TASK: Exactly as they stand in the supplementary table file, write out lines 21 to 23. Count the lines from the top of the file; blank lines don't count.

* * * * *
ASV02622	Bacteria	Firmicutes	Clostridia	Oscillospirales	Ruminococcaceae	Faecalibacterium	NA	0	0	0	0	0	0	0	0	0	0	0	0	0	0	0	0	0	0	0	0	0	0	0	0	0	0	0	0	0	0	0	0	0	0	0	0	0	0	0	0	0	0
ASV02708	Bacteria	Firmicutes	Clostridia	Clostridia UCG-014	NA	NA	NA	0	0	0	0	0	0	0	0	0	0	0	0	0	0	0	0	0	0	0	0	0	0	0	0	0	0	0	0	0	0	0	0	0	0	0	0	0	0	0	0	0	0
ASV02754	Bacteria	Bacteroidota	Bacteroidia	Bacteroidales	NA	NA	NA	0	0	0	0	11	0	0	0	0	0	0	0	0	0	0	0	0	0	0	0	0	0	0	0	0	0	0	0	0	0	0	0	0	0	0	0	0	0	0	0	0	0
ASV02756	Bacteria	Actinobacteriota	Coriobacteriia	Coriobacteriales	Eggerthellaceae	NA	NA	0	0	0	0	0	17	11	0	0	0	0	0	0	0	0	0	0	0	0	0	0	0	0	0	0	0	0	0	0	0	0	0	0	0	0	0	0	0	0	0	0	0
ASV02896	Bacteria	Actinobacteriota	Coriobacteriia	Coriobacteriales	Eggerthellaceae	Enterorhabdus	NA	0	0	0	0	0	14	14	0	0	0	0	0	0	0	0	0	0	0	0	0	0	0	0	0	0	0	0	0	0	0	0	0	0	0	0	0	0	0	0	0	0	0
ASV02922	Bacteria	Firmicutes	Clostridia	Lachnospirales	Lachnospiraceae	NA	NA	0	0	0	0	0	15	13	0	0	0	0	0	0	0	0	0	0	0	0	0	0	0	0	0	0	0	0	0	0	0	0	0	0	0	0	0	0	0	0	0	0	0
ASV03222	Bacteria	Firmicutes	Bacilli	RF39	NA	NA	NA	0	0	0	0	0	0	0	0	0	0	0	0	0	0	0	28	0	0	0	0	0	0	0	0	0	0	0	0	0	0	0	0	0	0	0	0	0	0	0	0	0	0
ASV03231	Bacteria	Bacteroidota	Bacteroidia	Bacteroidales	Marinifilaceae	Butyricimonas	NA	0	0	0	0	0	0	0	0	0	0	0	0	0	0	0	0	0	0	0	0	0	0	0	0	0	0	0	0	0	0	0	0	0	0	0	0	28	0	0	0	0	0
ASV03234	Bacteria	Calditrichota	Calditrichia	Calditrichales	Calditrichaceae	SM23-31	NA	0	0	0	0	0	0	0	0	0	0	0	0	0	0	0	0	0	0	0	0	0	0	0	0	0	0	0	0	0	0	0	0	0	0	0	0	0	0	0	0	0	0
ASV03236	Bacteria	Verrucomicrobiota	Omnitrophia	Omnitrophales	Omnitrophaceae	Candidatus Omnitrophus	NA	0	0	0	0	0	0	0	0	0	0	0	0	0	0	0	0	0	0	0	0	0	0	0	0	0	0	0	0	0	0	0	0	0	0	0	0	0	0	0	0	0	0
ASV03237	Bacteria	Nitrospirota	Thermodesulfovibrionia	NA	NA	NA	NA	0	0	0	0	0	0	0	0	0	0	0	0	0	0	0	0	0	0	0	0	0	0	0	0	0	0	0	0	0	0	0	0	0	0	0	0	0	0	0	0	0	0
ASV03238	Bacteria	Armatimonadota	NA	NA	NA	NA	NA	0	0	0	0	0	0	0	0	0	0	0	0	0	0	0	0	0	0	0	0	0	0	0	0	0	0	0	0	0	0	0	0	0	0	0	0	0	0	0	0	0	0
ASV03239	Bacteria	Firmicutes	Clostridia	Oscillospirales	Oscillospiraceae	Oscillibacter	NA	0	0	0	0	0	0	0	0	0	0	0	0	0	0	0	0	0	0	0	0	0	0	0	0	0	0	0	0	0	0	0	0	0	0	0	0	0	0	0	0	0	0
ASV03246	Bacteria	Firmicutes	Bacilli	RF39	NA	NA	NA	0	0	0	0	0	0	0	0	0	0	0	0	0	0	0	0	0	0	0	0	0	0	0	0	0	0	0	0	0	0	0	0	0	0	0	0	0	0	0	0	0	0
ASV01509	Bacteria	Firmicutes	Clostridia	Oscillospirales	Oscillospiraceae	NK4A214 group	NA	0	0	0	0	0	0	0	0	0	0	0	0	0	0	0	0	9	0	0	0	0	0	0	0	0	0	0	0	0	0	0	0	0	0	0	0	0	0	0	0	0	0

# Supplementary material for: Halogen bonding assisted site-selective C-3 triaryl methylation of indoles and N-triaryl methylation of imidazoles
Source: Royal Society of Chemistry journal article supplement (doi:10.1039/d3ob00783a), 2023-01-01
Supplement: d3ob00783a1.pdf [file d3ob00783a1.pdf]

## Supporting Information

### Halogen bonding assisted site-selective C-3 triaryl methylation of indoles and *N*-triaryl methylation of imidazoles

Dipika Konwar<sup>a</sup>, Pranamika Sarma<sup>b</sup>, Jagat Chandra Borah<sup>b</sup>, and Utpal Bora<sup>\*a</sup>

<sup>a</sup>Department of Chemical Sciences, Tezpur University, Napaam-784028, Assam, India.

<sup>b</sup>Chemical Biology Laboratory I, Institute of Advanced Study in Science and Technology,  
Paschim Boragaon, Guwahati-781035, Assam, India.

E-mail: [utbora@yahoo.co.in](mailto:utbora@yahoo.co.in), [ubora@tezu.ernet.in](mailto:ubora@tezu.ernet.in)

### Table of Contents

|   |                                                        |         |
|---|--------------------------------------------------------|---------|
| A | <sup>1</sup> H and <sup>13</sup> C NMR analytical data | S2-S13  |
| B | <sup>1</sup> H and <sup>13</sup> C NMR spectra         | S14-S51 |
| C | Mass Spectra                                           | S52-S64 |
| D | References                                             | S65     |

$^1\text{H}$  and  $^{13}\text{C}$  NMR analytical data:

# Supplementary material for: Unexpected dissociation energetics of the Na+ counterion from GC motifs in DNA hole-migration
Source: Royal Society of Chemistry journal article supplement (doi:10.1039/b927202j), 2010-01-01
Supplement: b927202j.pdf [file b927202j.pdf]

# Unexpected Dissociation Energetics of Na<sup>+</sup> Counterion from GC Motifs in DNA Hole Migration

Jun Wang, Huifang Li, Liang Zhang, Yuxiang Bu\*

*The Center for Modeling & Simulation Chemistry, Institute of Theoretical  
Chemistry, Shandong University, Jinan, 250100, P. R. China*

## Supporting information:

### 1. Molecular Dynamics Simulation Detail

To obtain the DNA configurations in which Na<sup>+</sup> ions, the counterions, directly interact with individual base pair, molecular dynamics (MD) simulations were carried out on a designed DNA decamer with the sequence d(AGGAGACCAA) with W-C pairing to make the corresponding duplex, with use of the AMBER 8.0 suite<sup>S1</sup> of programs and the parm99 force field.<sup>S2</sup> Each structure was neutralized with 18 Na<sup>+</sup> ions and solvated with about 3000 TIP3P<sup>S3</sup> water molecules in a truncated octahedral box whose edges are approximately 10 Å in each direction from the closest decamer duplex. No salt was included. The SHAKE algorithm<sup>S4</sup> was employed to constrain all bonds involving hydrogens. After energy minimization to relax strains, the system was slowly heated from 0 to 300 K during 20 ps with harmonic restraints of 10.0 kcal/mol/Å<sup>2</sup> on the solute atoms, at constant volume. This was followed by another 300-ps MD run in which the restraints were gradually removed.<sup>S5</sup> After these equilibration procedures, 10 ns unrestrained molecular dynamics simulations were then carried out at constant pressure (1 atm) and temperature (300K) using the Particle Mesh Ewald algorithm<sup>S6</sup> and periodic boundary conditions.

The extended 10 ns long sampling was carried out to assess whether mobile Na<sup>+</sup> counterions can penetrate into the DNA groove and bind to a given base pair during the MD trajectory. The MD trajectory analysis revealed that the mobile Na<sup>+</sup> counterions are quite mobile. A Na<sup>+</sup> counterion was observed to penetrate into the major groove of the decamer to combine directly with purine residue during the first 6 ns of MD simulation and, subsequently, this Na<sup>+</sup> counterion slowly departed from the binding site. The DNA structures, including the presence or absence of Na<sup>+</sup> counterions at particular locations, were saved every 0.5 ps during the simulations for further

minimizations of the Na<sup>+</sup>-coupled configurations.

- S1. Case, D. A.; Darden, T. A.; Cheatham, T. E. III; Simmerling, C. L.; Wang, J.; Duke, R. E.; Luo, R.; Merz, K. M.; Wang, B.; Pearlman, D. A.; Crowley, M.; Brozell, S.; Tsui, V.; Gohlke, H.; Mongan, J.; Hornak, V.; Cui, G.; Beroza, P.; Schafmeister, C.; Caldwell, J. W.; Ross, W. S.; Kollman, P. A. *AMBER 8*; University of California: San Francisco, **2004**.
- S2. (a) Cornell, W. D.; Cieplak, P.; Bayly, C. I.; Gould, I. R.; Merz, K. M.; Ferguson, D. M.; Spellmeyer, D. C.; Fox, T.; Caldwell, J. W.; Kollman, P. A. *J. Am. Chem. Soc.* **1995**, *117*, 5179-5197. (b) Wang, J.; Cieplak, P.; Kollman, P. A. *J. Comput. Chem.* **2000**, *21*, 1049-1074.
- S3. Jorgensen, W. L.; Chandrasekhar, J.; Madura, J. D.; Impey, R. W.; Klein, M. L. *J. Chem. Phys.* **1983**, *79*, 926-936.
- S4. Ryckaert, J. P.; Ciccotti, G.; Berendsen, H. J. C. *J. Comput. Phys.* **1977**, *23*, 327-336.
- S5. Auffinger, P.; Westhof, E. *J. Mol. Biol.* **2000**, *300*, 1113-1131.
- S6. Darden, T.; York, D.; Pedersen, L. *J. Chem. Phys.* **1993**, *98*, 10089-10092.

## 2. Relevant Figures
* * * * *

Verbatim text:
Dipika Konwar<sup>a</sup>, Pranamika Sarma<sup>b</sup>, Jagat Chandra Borah<sup>b</sup>, and Utpal Bora<sup>\*a</sup>

<sup>a</sup>Department of Chemical Sciences, Tezpur University, Napaam-784028, Assam, India.

<sup>b</sup>Chemical Biology Laboratory I, Institute of Advanced Study in Science and Technology,  